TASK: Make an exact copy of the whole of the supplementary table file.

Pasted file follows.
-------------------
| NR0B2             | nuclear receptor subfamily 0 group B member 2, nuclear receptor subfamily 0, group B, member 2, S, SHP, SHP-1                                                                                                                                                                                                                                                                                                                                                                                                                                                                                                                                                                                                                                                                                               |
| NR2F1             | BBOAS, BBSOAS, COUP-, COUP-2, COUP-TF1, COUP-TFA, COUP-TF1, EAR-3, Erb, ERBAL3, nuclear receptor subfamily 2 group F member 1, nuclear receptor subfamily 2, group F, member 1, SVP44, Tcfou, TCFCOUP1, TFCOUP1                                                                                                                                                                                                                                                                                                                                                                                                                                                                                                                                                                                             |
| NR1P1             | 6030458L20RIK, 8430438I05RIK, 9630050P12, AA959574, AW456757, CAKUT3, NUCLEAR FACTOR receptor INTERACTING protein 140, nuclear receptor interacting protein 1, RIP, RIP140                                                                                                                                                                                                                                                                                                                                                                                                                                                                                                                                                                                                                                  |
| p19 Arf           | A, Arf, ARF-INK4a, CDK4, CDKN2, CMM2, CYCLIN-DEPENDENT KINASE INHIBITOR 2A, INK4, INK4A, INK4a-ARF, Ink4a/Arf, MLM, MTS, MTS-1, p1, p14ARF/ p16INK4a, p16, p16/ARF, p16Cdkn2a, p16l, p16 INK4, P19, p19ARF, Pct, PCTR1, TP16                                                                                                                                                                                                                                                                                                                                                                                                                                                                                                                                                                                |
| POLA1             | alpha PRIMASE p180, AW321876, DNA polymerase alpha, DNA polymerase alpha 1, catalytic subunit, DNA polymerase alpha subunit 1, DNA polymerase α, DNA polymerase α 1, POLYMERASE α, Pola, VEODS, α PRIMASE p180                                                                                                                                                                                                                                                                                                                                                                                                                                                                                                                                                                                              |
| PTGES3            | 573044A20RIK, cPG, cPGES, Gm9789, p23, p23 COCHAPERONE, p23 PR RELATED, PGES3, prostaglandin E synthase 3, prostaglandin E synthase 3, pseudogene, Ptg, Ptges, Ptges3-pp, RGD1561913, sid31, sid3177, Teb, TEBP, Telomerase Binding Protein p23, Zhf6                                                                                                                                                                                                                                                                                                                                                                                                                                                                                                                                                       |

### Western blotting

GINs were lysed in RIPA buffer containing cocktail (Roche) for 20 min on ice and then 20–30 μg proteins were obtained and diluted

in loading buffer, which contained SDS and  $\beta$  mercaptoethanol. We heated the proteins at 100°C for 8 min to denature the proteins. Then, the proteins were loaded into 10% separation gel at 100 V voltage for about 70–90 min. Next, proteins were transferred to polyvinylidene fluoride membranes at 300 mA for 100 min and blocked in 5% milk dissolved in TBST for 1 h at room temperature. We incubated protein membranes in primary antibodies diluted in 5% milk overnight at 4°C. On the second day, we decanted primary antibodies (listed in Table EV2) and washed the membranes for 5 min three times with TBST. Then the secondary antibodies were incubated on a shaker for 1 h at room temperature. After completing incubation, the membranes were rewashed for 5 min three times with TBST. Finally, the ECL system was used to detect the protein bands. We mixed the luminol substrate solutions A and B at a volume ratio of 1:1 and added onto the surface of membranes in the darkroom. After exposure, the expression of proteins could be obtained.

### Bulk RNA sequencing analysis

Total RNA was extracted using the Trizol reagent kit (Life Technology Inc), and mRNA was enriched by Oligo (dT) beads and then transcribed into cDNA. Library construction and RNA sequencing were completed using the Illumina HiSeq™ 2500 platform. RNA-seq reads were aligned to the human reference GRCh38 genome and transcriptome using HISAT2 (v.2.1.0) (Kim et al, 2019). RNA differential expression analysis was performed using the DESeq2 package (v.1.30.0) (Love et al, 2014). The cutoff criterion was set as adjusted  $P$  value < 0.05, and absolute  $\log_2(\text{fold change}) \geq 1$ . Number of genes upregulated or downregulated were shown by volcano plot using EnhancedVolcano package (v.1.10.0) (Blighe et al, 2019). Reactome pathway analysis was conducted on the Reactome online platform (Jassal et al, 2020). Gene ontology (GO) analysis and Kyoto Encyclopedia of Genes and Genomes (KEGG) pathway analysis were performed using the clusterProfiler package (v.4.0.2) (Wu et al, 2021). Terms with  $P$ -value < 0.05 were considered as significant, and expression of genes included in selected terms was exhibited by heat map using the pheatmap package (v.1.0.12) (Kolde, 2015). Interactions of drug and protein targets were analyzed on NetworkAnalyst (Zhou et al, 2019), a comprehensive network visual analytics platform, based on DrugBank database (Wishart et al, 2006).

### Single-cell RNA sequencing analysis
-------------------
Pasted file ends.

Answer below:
| NR0B2             | nuclear receptor subfamily 0 group B member 2, nuclear receptor subfamily 0, group B, member 2, S, SHP, SHP-1                                                                                                                                                                                                                                                                                                                                                                                                                                                                                                                                                                                                                                                                                               |
| NR2F1             | BBOAS, BBSOAS, COUP-, COUP-2, COUP-TF1, COUP-TFA, COUP-TF1, EAR-3, Erb, ERBAL3, nuclear receptor subfamily 2 group F member 1, nuclear receptor subfamily 2, group F, member 1, SVP44, Tcfou, TCFCOUP1, TFCOUP1                                                                                                                                                                                                                                                                                                                                                                                                                                                                                                                                                                                             |
| NR1P1             | 6030458L20RIK, 8430438I05RIK, 9630050P12, AA959574, AW456757, CAKUT3, NUCLEAR FACTOR receptor INTERACTING protein 140, nuclear receptor interacting protein 1, RIP, RIP140                                                                                                                                                                                                                                                                                                                                                                                                                                                                                                                                                                                                                                  |
| p19 Arf           | A, Arf, ARF-INK4a, CDK4, CDKN2, CMM2, CYCLIN-DEPENDENT KINASE INHIBITOR 2A, INK4, INK4A, INK4a-ARF, Ink4a/Arf, MLM, MTS, MTS-1, p1, p14ARF/ p16INK4a, p16, p16/ARF, p16Cdkn2a, p16l, p16 INK4, P19, p19ARF, Pct, PCTR1, TP16                                                                                                                                                                                                                                                                                                                                                                                                                                                                                                                                                                                |
| POLA1             | alpha PRIMASE p180, AW321876, DNA polymerase alpha, DNA polymerase alpha 1, catalytic subunit, DNA polymerase alpha subunit 1, DNA polymerase α, DNA polymerase α 1, POLYMERASE α, Pola, VEODS, α PRIMASE p180                                                                                                                                                                                                                                                                                                                                                                                                                                                                                                                                                                                              |
| PTGES3            | 573044A20RIK, cPG, cPGES, Gm9789, p23, p23 COCHAPERONE, p23 PR RELATED, PGES3, prostaglandin E synthase 3, prostaglandin E synthase 3, pseudogene, Ptg, Ptges, Ptges3-pp, RGD1561913, sid31, sid3177, Teb, TEBP, Telomerase Binding Protein p23, Zhf6                                                                                                                                                                                                                                                                                                                                                                                                                                                                                                                                                       |

### Western blotting

GINs were lysed in RIPA buffer containing cocktail (Roche) for 20 min on ice and then 20–30 μg proteins were obtained and diluted

in loading buffer, which contained SDS and  $\beta$  mercaptoethanol. We heated the proteins at 100°C for 8 min to denature the proteins. Then, the proteins were loaded into 10% separation gel at 100 V voltage for about 70–90 min. Next, proteins were transferred to polyvinylidene fluoride membranes at 300 mA for 100 min and blocked in 5% milk dissolved in TBST for 1 h at room temperature. We incubated protein membranes in primary antibodies diluted in 5% milk overnight at 4°C. On the second day, we decanted primary antibodies (listed in Table EV2) and washed the membranes for 5 min three times with TBST. Then the secondary antibodies were incubated on a shaker for 1 h at room temperature. After completing incubation, the membranes were rewashed for 5 min three times with TBST. Finally, the ECL system was used to detect the protein bands. We mixed the luminol substrate solutions A and B at a volume ratio of 1:1 and added onto the surface of membranes in the darkroom. After exposure, the expression of proteins could be obtained.

### Bulk RNA sequencing analysis

Total RNA was extracted using the Trizol reagent kit (Life Technology Inc), and mRNA was enriched by Oligo (dT) beads and then transcribed into cDNA. Library construction and RNA sequencing were completed using the Illumina HiSeq™ 2500 platform. RNA-seq reads were aligned to the human reference GRCh38 genome and transcriptome using HISAT2 (v.2.1.0) (Kim et al, 2019). RNA differential expression analysis was performed using the DESeq2 package (v.1.30.0) (Love et al, 2014). The cutoff criterion was set as adjusted  $P$  value < 0.05, and absolute  $\log_2(\text{fold change}) \geq 1$ . Number of genes upregulated or downregulated were shown by volcano plot using EnhancedVolcano package (v.1.10.0) (Blighe et al, 2019). Reactome pathway analysis was conducted on the Reactome online platform (Jassal et al, 2020). Gene ontology (GO) analysis and Kyoto Encyclopedia of Genes and Genomes (KEGG) pathway analysis were performed using the clusterProfiler package (v.4.0.2) (Wu et al, 2021). Terms with  $P$ -value < 0.05 were considered as significant, and expression of genes included in selected terms was exhibited by heat map using the pheatmap package (v.1.0.12) (Kolde, 2015). Interactions of drug and protein targets were analyzed on NetworkAnalyst (Zhou et al, 2019), a comprehensive network visual analytics platform, based on DrugBank database (Wishart et al, 2006).

### Single-cell RNA sequencing analysis